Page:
I’ll also call out the name of Barb Edwards, who, though not a member of the parish, always worshiped with us when she came down from Allentown to see her daughter, Caroline. Cheerful in spite of physical ailments, Barb was a perpetual volunteer with her daughter at our church’s annual Fall Festival. She demonstrated Luther’s concept of the Priesthood of All Believers through her career with the Pennsylvania State Board of Probation and Parole, and her constant volunteering with such organizations as Meals on Wheels and Sacred Heart Hospital of Allentown.
After Barb passed, Caroline shared a revealing anecdote about her mother. Barb’s husband of over forty years, Clyde, died on a Saturday. Barb was in church the following Sunday morning. I find this significant as I’ve so often seen people drift away from the church when a loved one dies. They so closely associate the worship of God with their departed family member that they can’t sit in God’s house without wanting to cry. Barb understood that God’s house was the best place in which to cry. She had a sense of religious discipline. "Remember the Sabbath day, and keep it holy." When young people tell me they are “spiritual but not religious,” I honestly find that to be absurd. Spirituality grows out of discipline. One could be religious without ever being spiritual, but I doubt anyone can be spiritual without first being religious. Barb was both.
I thank God for the witness of the saints I have mentioned above, but I would be remiss this All Saints Day if I did not also grieve for the martyrs. Let’s not forget the youngsters killed on Valentine’s Day at Marjorie Stoneman Douglas High School in Parkland Florida. Let’s say a prayer for the families of Maurice Stallard and Vicki Lee Jones, two African Americans who were gunned down in Louisville on October 22nd simply because of the color of their skin. Let us mourn with the congregation of Tree of Life Synagogue in Pittsburgh as they mourn for the eleven dead—murdered in their own house of worship simply because of their religion.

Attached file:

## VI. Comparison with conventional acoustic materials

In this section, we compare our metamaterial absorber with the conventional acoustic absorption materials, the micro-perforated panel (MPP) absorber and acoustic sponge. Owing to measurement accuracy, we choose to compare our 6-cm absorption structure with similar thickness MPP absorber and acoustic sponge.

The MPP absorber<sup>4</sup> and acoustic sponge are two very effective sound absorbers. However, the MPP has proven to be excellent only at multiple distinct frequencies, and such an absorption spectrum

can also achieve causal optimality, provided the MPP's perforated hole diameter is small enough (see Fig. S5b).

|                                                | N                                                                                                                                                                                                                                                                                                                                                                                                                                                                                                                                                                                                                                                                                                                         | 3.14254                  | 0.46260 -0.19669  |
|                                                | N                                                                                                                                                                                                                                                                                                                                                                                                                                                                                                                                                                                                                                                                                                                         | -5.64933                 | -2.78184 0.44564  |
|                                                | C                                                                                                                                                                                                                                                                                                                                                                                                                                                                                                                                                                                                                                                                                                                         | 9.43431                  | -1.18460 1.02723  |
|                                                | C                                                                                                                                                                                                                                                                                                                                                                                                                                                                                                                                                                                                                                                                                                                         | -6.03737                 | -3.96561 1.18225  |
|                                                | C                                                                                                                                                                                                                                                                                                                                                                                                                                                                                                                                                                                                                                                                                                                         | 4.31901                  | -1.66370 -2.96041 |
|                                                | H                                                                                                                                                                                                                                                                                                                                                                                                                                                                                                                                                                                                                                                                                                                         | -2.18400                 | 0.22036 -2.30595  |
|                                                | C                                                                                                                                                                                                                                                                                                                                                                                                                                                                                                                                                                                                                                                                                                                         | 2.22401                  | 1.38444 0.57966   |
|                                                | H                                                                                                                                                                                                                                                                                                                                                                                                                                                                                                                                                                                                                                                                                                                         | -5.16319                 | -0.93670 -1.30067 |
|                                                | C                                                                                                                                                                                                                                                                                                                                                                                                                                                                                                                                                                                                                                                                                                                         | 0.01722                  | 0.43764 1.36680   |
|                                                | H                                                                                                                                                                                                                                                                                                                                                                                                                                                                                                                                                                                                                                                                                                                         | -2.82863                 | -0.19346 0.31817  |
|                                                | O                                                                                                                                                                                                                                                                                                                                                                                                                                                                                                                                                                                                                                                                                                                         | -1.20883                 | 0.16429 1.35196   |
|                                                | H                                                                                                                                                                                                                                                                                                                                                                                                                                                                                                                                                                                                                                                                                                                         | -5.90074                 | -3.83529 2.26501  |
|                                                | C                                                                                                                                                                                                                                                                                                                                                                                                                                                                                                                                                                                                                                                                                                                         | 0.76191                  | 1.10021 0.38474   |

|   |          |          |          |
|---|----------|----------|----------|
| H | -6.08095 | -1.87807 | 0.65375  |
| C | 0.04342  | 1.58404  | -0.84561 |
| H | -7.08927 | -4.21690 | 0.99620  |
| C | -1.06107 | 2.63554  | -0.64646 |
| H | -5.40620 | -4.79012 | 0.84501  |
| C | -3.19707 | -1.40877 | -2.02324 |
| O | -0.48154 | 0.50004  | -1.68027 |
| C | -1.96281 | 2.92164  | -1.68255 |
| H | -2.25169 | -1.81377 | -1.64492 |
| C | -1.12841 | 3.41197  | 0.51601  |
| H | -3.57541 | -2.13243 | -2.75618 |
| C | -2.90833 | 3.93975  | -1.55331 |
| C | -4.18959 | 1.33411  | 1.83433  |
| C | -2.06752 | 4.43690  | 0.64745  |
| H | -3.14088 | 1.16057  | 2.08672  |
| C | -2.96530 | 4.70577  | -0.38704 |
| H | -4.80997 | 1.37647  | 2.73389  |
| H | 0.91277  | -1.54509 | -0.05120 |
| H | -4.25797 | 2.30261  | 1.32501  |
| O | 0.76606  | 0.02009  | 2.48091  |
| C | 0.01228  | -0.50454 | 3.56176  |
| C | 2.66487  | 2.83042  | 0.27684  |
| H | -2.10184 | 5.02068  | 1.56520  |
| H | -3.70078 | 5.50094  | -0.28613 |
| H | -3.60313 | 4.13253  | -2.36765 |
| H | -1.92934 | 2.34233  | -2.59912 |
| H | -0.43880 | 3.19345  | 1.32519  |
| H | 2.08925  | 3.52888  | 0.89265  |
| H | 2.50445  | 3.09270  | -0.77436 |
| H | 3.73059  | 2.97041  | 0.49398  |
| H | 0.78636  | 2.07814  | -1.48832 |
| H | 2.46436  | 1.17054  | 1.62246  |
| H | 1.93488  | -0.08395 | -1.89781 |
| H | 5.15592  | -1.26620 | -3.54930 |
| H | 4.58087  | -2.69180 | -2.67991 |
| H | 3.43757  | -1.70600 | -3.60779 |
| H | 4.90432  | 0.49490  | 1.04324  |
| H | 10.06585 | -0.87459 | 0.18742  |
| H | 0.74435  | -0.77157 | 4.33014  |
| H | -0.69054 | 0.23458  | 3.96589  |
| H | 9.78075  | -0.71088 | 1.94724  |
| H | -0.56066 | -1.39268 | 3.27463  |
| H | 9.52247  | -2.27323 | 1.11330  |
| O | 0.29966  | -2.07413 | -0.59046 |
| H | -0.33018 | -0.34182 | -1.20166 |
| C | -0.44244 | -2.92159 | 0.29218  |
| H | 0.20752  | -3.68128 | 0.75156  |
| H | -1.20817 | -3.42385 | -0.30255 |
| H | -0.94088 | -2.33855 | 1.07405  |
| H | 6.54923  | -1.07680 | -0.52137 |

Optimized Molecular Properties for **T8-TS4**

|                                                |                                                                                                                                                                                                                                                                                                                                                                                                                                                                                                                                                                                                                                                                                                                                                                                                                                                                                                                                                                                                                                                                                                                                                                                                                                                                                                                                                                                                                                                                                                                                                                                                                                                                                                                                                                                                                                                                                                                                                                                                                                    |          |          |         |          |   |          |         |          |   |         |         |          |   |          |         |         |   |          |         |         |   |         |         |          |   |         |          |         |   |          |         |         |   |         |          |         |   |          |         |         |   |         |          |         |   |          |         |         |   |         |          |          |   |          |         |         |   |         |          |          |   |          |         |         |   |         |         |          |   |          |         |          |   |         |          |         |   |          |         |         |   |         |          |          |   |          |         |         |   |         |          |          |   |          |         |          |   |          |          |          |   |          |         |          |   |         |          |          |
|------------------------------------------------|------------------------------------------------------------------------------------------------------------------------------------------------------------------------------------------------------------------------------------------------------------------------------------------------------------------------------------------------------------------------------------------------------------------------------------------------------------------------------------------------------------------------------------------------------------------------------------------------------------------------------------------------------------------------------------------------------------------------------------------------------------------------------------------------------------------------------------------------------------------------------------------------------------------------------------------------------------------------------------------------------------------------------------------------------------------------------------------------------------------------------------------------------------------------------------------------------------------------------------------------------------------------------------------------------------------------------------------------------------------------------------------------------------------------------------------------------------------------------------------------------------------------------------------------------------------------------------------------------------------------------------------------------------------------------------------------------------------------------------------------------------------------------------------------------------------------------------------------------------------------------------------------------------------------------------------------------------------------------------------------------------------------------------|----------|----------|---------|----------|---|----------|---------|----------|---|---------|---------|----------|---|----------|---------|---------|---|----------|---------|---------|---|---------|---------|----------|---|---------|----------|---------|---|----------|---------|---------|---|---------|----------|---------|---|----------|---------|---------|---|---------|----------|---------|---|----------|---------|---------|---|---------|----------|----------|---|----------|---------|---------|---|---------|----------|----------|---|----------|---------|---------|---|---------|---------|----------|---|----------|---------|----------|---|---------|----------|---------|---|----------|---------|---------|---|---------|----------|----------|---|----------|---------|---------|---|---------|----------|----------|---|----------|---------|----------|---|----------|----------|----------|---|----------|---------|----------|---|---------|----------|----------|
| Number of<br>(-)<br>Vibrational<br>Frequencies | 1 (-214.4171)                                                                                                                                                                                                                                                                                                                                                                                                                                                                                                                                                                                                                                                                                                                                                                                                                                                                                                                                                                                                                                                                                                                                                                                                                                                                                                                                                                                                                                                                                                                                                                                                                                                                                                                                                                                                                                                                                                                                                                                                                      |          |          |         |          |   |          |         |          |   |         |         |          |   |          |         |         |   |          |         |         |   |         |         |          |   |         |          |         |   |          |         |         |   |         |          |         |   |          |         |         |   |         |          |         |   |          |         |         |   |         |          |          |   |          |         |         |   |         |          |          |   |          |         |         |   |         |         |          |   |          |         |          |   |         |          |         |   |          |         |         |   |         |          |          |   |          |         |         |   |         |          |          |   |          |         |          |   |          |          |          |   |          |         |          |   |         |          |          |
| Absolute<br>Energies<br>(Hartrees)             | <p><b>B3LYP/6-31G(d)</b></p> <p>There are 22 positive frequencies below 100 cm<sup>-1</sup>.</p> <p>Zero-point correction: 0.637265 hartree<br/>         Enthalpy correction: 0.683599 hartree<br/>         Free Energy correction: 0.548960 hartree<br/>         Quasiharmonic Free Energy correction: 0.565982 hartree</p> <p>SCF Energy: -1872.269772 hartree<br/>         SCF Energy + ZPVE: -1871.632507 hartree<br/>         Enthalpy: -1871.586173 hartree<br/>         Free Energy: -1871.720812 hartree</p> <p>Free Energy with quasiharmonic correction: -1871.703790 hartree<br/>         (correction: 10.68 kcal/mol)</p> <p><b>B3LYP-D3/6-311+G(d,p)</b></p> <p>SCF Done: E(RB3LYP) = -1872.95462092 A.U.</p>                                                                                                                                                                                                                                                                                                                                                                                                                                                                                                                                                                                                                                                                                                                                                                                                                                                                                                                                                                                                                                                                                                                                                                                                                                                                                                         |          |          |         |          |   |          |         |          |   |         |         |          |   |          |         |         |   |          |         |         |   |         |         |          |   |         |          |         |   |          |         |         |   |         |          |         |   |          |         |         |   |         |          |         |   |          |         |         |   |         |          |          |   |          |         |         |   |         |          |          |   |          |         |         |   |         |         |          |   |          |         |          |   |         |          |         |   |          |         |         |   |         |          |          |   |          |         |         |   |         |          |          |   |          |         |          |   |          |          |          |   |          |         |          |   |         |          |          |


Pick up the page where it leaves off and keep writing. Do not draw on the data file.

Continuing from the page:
Personally, I will mourn for Alyssa McCloskey and Colleen Brownell, two step-sisters who loved each other every bit as much as blood siblings do. They were both murdered in Alyssa’s home last December, knifed to death by a sick, narcissistic former boyfriend of Colleen’s. Between them they left behind three sons and two caring parents, Richard and Sandra, to whom I could offer no comfort except to say that the manner of their girls’ death must not define their lives.
This is a time to mourn. We mourn for those whose passing was merely sad and those whose passing was deeply tragic. We mourn for a nation and a world where acts of violence are still so common. But we remember, too, that we serve a God who saw his own son die a violent death, a God who mourns with us, and a God who promises one to day wipe the tears from our eyes and remove the disgrace of our sin forever.
And so—in this faith—we go on.Godnd an awesome dad to his two children. His life, however brief, was a testamony of the old Sunday